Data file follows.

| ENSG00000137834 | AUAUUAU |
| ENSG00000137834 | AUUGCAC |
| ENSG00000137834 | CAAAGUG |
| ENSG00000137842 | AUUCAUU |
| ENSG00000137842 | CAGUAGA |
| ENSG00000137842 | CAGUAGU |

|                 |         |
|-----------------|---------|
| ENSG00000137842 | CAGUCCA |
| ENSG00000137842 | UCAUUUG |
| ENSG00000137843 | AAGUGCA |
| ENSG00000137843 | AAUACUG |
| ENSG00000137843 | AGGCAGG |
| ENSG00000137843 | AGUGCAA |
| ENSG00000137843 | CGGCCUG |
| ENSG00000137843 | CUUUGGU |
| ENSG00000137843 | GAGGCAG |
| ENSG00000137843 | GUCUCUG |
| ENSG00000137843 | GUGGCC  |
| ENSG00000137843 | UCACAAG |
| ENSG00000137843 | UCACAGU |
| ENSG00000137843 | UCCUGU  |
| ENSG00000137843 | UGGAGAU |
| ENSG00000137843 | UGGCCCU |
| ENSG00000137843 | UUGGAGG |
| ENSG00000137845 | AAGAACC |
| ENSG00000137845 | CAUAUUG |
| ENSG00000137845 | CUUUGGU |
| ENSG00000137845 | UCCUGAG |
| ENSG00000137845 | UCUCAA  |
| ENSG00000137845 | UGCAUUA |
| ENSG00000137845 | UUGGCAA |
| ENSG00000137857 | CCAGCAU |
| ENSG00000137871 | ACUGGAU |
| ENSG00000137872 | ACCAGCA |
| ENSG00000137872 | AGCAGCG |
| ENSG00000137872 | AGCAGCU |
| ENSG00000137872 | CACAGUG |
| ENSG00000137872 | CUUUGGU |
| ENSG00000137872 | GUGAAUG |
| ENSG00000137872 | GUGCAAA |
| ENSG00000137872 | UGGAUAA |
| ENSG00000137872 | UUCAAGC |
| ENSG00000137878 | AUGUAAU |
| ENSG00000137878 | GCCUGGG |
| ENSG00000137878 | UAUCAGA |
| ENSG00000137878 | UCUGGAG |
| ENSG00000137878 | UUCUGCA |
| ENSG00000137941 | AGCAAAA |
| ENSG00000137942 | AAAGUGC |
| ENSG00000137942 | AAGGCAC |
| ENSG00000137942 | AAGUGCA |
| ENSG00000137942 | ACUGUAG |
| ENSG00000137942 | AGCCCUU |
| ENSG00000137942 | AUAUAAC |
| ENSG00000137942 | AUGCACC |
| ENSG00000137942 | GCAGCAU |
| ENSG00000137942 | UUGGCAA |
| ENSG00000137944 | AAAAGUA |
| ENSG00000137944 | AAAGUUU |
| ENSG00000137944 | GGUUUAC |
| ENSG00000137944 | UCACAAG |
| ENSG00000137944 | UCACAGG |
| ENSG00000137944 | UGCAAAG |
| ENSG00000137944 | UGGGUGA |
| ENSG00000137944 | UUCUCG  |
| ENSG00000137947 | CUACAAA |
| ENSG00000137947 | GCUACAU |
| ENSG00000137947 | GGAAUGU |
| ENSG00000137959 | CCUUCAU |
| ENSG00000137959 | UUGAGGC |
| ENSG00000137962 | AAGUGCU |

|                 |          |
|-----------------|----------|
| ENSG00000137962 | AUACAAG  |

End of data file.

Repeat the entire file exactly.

| ENSG00000137834 | AUAUUAU |
| ENSG00000137834 | AUUGCAC |
| ENSG00000137834 | CAAAGUG |
| ENSG00000137842 | AUUCAUU |
| ENSG00000137842 | CAGUAGA |
| ENSG00000137842 | CAGUAGU |

|                 |         |
|-----------------|---------|
| ENSG00000137842 | CAGUCCA |
| ENSG00000137842 | UCAUUUG |
| ENSG00000137843 | AAGUGCA |
| ENSG00000137843 | AAUACUG |
| ENSG00000137843 | AGGCAGG |
| ENSG00000137843 | AGUGCAA |
| ENSG00000137843 | CGGCCUG |
| ENSG00000137843 | CUUUGGU |
| ENSG00000137843 | GAGGCAG |
| ENSG00000137843 | GUCUCUG |
| ENSG00000137843 | GUGGCC  |
| ENSG00000137843 | UCACAAG |
| ENSG00000137843 | UCACAGU |
| ENSG00000137843 | UCCUGU  |
| ENSG00000137843 | UGGAGAU |
| ENSG00000137843 | UGGCCCU |
| ENSG00000137843 | UUGGAGG |
| ENSG00000137845 | AAGAACC |
| ENSG00000137845 | CAUAUUG |
| ENSG00000137845 | CUUUGGU |
| ENSG00000137845 | UCCUGAG |
| ENSG00000137845 | UCUCAA  |
| ENSG00000137845 | UGCAUUA |
| ENSG00000137845 | UUGGCAA |
| ENSG00000137857 | CCAGCAU |
| ENSG00000137871 | ACUGGAU |
| ENSG00000137872 | ACCAGCA |
| ENSG00000137872 | AGCAGCG |
| ENSG00000137872 | AGCAGCU |
| ENSG00000137872 | CACAGUG |
| ENSG00000137872 | CUUUGGU |
| ENSG00000137872 | GUGAAUG |
| ENSG00000137872 | GUGCAAA |
| ENSG00000137872 | UGGAUAA |
| ENSG00000137872 | UUCAAGC |
| ENSG00000137878 | AUGUAAU |
| ENSG00000137878 | GCCUGGG |
| ENSG00000137878 | UAUCAGA |
| ENSG00000137878 | UCUGGAG |
| ENSG00000137878 | UUCUGCA |
| ENSG00000137941 | AGCAAAA |
| ENSG00000137942 | AAAGUGC |
| ENSG00000137942 | AAGGCAC |
| ENSG00000137942 | AAGUGCA |
| ENSG00000137942 | ACUGUAG |
| ENSG00000137942 | AGCCCUU |
| ENSG00000137942 | AUAUAAC |
| ENSG00000137942 | AUGCACC |
| ENSG00000137942 | GCAGCAU |
| ENSG00000137942 | UUGGCAA |
| ENSG00000137944 | AAAAGUA |
| ENSG00000137944 | AAAGUUU |
| ENSG00000137944 | GGUUUAC |
| ENSG00000137944 | UCACAAG |
| ENSG00000137944 | UCACAGG |
| ENSG00000137944 | UGCAAAG |
| ENSG00000137944 | UGGGUGA |
| ENSG00000137944 | UUCUCG  |
| ENSG00000137947 | CUACAAA |
| ENSG00000137947 | GCUACAU |
| ENSG00000137947 | GGAAUGU |
| ENSG00000137959 | CCUUCAU |
| ENSG00000137959 | UUGAGGC |
| ENSG00000137962 | AAGUGCU |

|                 |          |
|-----------------|----------|
| ENSG00000137962 | AUACAAG  |